Exploring the lived realities of both poverty and prosperity in the UK, this book examines the material and symbolic significance of welfare austerity and its implications for social citizenship and inequality. The book offers a rare and vivid insight into the everyday lives, attitudes and behaviours of the rich as well as the poor, demonstrating how those marginalised and validated by the existing welfare system make sense of the prevailing socio-political settlement and their own position within it.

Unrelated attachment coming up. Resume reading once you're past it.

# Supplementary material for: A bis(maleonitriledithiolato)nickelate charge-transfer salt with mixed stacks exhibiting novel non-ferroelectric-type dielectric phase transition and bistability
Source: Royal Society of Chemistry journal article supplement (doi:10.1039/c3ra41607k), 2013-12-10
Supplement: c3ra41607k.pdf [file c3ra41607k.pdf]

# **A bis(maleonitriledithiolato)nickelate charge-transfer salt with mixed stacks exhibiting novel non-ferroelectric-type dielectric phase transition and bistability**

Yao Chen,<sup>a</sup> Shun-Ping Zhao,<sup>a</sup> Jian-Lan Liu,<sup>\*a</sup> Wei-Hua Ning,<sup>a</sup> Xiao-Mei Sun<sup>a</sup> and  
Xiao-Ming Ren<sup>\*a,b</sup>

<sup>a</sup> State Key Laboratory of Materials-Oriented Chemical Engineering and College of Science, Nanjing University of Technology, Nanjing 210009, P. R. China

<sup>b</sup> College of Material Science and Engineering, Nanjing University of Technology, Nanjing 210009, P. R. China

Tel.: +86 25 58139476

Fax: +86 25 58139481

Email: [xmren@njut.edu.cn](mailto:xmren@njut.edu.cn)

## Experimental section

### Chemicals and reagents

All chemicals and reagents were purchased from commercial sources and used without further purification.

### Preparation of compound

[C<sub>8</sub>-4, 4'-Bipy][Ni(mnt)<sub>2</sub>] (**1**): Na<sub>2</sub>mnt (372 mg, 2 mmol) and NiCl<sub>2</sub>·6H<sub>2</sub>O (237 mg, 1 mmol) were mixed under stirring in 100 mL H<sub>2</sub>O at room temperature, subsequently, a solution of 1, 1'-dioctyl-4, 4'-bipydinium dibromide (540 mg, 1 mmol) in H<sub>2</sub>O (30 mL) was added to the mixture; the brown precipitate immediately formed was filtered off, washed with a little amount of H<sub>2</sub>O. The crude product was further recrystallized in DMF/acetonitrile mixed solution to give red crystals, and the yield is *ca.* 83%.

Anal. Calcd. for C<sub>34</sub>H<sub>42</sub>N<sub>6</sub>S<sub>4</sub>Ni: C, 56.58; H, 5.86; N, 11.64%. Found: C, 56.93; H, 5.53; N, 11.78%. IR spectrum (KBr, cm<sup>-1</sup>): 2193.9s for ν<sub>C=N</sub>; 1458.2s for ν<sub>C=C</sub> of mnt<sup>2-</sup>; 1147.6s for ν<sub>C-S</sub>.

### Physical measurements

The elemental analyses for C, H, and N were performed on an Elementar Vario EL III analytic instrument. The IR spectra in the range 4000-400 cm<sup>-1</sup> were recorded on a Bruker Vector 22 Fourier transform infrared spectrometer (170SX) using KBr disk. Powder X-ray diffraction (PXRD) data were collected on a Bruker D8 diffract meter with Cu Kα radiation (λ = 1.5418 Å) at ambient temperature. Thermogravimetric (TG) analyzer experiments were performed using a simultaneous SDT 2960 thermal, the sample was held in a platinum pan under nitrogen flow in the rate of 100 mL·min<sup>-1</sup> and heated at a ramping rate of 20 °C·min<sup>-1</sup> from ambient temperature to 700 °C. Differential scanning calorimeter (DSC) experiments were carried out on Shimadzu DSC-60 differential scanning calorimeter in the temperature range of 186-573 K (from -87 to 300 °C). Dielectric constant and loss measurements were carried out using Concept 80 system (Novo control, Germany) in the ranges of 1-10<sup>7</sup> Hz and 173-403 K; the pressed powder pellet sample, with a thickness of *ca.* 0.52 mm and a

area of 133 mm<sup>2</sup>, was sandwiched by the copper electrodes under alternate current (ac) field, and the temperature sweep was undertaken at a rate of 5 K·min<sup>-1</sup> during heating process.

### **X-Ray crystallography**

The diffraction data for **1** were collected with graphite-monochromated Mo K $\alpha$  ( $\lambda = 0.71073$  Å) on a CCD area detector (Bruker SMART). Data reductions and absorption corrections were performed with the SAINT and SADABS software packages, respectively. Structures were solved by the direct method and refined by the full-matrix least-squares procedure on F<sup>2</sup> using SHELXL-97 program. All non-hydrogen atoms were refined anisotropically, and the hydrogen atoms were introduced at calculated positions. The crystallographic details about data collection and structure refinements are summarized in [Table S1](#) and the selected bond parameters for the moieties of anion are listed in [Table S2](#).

Through the testimonies of both affluent and deprived citizens, the book problematises dominant policy thinking surrounding the functions and limits of welfare, examining the civic attitudes and engagements of the rich and the poor, to demonstrate how welfare austerity and rising structural inequalities secure and maintain institutional legitimacy.
The book offers a timely contribution to academic and policy debates pertaining to citizenship, welfare reform and inequality. No